Portuguese is the official and most commonly spoken language in the country, with 50.3 percent of the people speaking it. The majority of Mozambicans who live in cities speak Portuguese as their first language.
Mozambique’s indigenous Bantu-group languages vary considerably in their groups and, in some instances, are underappreciated and underdocumented. Apart from its usage as a lingua franca in the north, Swahili is spoken in a small region of the coast along the Tanzanian border; south of this, towards Moçambique Island, Kimwani, considered as a dialect of Swahili, is spoken. Makonde is used just inland of the Swahili region, separated from an area where Yao or ChiYao is spoken by a short strip of Makhuwa-speaking territory. Makonde and Yao are from distinct groups, with Yao being extremely similar to the Mwera language of Tanzania’s Rondo Plateau.
Prepositions occur as locative prefixes affixed to nouns and declined according to their own noun-class in these languages. Some Nyanja is used on Lake Malawi’s shore as well as on the opposite side of the lake.
The languages of the eMakhuwa group vary from all of these in that they lack the beginning k-, which means that many nouns begin with a vowel: for example, epula = “rain.”
There is eMakhuwa proper, as well as the associated eLomwe and eChuwabo, as well as a tiny eKoti-speaking region on the shore. Sena, a language related to Nyanja, is spoken in a region spanning the lower Zambezi, with CiNyungwe and CiSenga spoken farther upriver.
Between the Zimbabwean border and the sea, there is a significant Shona-speaking region that was formerly known as the Ndau variety but now follows the spelling of the Standard Shona of Zimbabwe. CiBalke, also known as Rue or Barwe and spoken in a tiny nation near the Zimbabwe border, seems to be close to Shona but lacks the tone patterns of Shona and is considered as distinct by its speakers.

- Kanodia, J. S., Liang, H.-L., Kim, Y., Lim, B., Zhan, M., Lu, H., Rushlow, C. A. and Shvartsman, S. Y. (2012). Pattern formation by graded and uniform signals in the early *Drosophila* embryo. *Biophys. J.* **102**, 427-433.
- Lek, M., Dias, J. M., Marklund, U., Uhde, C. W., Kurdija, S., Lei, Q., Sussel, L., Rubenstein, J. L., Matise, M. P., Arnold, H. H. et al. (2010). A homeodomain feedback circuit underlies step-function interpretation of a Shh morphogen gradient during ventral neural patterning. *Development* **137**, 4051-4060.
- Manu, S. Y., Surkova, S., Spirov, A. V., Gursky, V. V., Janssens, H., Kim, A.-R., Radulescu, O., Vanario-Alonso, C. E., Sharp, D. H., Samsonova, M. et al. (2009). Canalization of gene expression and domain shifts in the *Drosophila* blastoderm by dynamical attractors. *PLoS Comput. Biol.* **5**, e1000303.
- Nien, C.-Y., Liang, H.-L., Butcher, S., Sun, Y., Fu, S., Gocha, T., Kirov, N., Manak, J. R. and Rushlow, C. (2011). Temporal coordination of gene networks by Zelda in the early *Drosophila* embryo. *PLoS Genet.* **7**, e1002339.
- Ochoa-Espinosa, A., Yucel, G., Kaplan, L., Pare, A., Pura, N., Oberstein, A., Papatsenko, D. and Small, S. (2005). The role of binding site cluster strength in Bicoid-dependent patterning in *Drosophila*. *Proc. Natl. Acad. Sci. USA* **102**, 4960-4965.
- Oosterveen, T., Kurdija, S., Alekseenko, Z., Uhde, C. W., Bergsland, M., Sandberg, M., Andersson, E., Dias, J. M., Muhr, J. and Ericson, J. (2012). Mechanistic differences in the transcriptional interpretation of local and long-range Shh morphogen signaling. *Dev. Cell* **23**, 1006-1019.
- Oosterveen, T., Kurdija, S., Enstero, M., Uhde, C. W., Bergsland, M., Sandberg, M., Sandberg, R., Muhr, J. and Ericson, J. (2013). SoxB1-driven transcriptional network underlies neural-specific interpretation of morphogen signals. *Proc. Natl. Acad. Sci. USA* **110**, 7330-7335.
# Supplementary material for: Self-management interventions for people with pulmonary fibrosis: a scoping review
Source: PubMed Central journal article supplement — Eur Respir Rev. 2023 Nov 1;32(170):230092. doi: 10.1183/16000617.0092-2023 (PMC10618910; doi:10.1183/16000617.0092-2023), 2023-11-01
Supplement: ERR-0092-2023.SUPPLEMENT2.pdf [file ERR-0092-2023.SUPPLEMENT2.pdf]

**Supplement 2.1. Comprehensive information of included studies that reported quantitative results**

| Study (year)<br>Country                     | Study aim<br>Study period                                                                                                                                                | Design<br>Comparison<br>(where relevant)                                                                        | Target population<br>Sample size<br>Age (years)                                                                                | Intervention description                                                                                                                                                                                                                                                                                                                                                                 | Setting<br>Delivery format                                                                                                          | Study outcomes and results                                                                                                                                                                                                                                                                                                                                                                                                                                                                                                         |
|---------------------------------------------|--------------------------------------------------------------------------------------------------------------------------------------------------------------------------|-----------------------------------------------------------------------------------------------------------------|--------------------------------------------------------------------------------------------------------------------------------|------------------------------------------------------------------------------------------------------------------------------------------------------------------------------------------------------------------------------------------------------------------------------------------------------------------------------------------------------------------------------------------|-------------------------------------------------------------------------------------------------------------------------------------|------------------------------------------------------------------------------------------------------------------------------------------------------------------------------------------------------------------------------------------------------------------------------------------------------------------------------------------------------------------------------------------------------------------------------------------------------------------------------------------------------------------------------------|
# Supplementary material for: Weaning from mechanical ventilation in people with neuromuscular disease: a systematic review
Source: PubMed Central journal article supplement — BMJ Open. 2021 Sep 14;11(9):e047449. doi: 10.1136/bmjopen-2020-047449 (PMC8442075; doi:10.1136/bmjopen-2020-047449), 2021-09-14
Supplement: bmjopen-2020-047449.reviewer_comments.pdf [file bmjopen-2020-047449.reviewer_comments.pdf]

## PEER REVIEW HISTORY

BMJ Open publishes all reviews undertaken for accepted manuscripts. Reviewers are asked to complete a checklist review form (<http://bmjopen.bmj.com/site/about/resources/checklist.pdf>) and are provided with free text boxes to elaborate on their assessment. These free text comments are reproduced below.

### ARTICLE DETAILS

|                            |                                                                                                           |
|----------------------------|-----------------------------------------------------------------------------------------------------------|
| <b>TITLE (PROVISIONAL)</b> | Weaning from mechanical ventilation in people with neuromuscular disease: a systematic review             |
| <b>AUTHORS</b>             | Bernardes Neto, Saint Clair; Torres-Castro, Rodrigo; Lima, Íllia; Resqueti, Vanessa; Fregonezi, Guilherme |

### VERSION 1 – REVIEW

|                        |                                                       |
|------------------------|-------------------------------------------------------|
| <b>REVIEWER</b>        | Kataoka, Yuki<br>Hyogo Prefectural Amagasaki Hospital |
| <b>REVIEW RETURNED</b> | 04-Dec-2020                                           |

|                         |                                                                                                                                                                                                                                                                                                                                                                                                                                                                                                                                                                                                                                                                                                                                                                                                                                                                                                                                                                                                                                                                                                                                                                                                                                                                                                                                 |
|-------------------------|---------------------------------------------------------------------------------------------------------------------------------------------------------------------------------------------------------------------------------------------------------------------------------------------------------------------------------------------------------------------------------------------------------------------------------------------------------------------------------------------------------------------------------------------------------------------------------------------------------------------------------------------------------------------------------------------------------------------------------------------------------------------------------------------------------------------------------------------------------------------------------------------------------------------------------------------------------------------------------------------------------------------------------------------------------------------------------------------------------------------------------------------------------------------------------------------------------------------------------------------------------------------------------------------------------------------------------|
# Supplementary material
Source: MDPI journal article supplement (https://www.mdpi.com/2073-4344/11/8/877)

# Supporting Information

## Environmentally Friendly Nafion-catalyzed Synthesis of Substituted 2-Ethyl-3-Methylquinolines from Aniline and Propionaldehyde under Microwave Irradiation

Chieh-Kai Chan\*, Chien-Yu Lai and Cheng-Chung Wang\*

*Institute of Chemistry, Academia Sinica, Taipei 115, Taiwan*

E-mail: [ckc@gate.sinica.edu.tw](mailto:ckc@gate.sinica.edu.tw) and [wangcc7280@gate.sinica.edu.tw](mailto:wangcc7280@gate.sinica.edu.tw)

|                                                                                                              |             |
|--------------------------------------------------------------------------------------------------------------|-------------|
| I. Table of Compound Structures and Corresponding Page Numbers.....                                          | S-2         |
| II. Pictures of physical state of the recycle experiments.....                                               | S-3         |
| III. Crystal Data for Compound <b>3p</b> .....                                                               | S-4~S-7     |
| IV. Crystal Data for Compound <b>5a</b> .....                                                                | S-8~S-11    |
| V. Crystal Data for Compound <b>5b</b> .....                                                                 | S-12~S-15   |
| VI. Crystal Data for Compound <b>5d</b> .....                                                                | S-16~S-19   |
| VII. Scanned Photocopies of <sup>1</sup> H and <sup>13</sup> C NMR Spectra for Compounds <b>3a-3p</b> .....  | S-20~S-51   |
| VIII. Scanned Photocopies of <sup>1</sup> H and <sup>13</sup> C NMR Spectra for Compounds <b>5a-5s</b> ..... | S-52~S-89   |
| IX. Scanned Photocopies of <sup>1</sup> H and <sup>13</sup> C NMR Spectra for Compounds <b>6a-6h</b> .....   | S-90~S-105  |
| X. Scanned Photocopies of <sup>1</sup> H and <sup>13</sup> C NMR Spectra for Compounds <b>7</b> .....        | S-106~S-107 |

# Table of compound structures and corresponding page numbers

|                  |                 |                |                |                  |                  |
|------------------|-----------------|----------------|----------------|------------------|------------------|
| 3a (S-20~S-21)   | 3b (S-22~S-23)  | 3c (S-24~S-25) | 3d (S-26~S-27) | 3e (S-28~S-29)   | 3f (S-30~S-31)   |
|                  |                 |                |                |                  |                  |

Languages of the Shangaan group are spoken south of this region, and they are very distinct. XiTswa or Tswa is found on the coast and inland, whereas XiTsonga or Tsonga is found near the Limpopo River and includes dialects such as XiChangana. This linguistic region includes neighboring South Africa. GiTonga and CiCopi or Chopi are spoken north of the Limpopo River’s mouth, while XiRonga or Ronga is spoken in the local vicinity of Maputo. The languages in this category are extremely vaguely related to Zulu, judged by their small vocabulary, although they are clearly not in the same local group. In Mozambique, there are tiny Swazi and Zulu-speaking communities along the Swaziland and KwaZulu-Natal borders.
Arabs, Chinese, and Indians mainly speak Portuguese, with some Hindi thrown in for good measure. Apart from Portuguese as a second language, Indians from Portuguese India speak any of the Portuguese Creoles of their heritage.